What do you do when you want to dedicate your life to fighting cancer, but a life change means you can’t afford medical school? When Antonina Mitrofanova learned she couldn’t become an oncologist, she changed majors – to computer science – so she could fight cancer with big data.
Now a pioneer in the emerging field of biomedical informatics, Mitrofanova, an assistant professor at the Rutgers School of Health Professions and a research member of the Rutgers Cancer Institute of New Jersey, has developed an algorithm that predicts how prostate cancer patients will respond to androgen deprivation therapy (ADT). ADT is an antihormone therapy used in treating prostate cancer that reduces levels of androgen hormones and prevents cancer cells from growing.
For about half of all prostate cancer patients, ADT contributes to improved health, but for the rest it results in more aggressive cancer. Knowing how a patient will respond to ADT before the start of therapy can save lives and prevent suffering.
Mitrofanova’s computerized solution, for which a patent is pending, looks at genetic and nongenetic markers to analyze from the patient’s initial biopsy.
“When the patient is diagnosed with prostate cancer, part of the biopsy is put aside and screened for these markers,” she said. “From there, we can determine which patients will respond favorably and which will be at risk in order to inform both the patient and physician if this will be the best treatment for that patient.”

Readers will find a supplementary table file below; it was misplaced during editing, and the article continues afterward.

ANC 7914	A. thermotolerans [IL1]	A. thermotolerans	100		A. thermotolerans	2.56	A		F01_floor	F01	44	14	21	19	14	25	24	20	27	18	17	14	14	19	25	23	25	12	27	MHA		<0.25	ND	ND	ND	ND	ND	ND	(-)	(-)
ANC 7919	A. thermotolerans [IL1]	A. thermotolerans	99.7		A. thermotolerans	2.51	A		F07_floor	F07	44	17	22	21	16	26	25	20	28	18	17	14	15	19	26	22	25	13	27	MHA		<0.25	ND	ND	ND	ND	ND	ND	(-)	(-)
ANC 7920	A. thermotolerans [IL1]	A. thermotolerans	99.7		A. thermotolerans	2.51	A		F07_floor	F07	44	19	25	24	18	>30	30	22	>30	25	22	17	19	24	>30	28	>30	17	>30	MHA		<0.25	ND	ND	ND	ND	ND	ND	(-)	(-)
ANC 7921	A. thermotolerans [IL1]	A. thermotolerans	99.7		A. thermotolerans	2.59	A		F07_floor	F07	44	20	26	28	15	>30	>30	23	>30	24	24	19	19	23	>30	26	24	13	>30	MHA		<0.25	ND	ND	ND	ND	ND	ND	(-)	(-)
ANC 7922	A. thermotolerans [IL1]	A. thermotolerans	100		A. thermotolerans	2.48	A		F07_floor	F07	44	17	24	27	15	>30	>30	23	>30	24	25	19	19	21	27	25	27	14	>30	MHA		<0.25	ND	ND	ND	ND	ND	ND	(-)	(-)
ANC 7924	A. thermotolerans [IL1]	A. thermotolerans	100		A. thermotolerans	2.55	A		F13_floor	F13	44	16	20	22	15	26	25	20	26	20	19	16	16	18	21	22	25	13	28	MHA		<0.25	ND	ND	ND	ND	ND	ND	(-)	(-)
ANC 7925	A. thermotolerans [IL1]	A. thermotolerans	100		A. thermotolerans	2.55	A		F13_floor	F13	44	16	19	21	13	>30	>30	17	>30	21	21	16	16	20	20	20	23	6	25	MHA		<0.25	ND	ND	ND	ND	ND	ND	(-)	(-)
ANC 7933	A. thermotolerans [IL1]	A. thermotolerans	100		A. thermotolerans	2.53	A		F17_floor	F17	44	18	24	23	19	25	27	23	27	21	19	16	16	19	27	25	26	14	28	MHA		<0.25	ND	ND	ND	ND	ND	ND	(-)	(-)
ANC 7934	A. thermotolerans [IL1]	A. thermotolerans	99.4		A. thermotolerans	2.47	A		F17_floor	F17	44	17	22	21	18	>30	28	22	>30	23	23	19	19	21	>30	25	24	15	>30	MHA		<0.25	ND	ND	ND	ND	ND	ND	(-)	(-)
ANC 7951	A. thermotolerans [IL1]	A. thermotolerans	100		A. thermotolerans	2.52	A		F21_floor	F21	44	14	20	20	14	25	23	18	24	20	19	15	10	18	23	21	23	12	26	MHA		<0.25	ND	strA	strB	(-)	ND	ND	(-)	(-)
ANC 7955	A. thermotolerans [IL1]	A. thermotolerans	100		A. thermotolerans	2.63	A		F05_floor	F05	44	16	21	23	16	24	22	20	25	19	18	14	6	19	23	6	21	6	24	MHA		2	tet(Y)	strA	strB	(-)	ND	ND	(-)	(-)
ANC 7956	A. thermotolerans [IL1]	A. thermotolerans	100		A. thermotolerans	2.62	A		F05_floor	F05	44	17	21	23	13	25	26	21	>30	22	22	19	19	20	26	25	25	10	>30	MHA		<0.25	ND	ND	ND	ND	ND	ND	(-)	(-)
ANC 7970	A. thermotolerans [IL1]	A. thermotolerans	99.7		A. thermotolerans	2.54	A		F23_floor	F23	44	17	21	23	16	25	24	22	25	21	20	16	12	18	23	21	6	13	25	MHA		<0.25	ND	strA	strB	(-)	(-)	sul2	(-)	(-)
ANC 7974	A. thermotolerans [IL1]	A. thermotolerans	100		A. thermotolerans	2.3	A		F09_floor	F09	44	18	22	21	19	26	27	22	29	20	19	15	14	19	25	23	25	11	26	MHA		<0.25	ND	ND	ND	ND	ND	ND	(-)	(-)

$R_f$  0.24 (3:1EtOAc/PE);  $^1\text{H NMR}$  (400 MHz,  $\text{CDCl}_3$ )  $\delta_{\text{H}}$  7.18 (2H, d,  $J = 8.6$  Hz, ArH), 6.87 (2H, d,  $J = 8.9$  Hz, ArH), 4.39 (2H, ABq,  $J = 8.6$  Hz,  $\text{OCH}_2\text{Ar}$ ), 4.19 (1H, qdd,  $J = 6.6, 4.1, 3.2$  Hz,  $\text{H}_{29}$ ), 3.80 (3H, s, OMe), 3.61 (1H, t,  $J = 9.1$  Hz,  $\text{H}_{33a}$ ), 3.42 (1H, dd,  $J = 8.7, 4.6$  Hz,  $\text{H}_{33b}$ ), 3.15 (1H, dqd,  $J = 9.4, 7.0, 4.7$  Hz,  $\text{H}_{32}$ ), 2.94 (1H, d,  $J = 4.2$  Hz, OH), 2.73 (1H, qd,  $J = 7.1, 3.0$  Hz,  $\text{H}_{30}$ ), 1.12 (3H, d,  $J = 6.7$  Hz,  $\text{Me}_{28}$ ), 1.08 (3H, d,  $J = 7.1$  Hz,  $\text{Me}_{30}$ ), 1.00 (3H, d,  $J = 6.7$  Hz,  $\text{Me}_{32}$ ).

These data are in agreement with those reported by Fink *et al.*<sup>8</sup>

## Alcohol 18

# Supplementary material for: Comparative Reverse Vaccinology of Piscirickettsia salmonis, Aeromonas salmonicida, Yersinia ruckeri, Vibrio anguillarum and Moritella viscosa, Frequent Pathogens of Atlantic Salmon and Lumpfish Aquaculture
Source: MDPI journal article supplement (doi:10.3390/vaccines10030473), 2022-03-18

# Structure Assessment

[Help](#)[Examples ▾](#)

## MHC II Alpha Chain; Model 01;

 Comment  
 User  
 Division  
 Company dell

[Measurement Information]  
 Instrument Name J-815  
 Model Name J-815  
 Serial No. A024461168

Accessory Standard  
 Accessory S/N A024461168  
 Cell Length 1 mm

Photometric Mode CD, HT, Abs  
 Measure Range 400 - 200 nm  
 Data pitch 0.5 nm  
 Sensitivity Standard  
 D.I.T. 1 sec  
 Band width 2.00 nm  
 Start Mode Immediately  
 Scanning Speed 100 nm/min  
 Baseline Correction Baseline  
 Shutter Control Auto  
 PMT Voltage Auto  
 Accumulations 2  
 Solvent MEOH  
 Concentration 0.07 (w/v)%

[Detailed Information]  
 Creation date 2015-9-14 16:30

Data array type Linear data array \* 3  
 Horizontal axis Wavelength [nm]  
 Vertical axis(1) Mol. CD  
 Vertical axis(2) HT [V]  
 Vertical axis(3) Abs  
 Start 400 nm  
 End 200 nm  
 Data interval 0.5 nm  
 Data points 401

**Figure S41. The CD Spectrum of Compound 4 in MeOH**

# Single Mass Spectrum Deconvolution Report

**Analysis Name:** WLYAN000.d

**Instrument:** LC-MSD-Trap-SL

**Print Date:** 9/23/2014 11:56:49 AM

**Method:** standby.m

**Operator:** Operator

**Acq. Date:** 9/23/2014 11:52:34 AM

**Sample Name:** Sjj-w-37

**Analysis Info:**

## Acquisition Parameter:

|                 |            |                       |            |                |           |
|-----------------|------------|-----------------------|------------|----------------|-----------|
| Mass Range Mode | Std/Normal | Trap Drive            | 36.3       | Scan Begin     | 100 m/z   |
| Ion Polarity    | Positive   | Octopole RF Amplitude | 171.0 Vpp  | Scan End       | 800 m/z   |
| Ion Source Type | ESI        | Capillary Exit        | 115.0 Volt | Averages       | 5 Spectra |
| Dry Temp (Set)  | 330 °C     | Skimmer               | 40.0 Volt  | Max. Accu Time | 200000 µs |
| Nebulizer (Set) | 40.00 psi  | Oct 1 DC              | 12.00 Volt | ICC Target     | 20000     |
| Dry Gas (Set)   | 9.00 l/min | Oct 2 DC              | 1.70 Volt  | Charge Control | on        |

The data from the biopsies and removed prostates of patients predicted ADT outcomes successfully 90 percent of the time.
“This approach builds a strong foundation for a more personalized therapy and, in the long term, can be included to improve clinical decision-making, patient survival and cancer management,” she said.
While Mitrofanova’s study focused on ADT for prostate cancer, she believes this algorithm will broader have applications for other cancers and treatment types.
Mitrofanova’s path to linking oncology with data engineering began in Ukraine, where she was born. She was 9 years old when her grandfather, a cab driver, volunteered as one of 60,000 “liquidators” recruited by the Soviet government to mitigate damage from the Chernobyl nuclear disaster in 1986. The volunteers knew they would be exposed to massive amounts of radiation. He was diagnosed with prostate cancer shortly thereafter.
Determined to help people like her grandfather, Mitrofanova completed four years of medical school in Ukraine before emigrating to the United States to marry her true love, whose half-Jewish family had fled here as refugees. Unable to afford medical school here, she obtained a merit scholarship to study computer science at Brooklyn College. She later obtained her doctoral degree in computer science at New York University and postdoctoral training at Columbia University Cancer Center.
Her research on the predictive algorithm in prostate cancer was published in EBioMedicine earlier this year.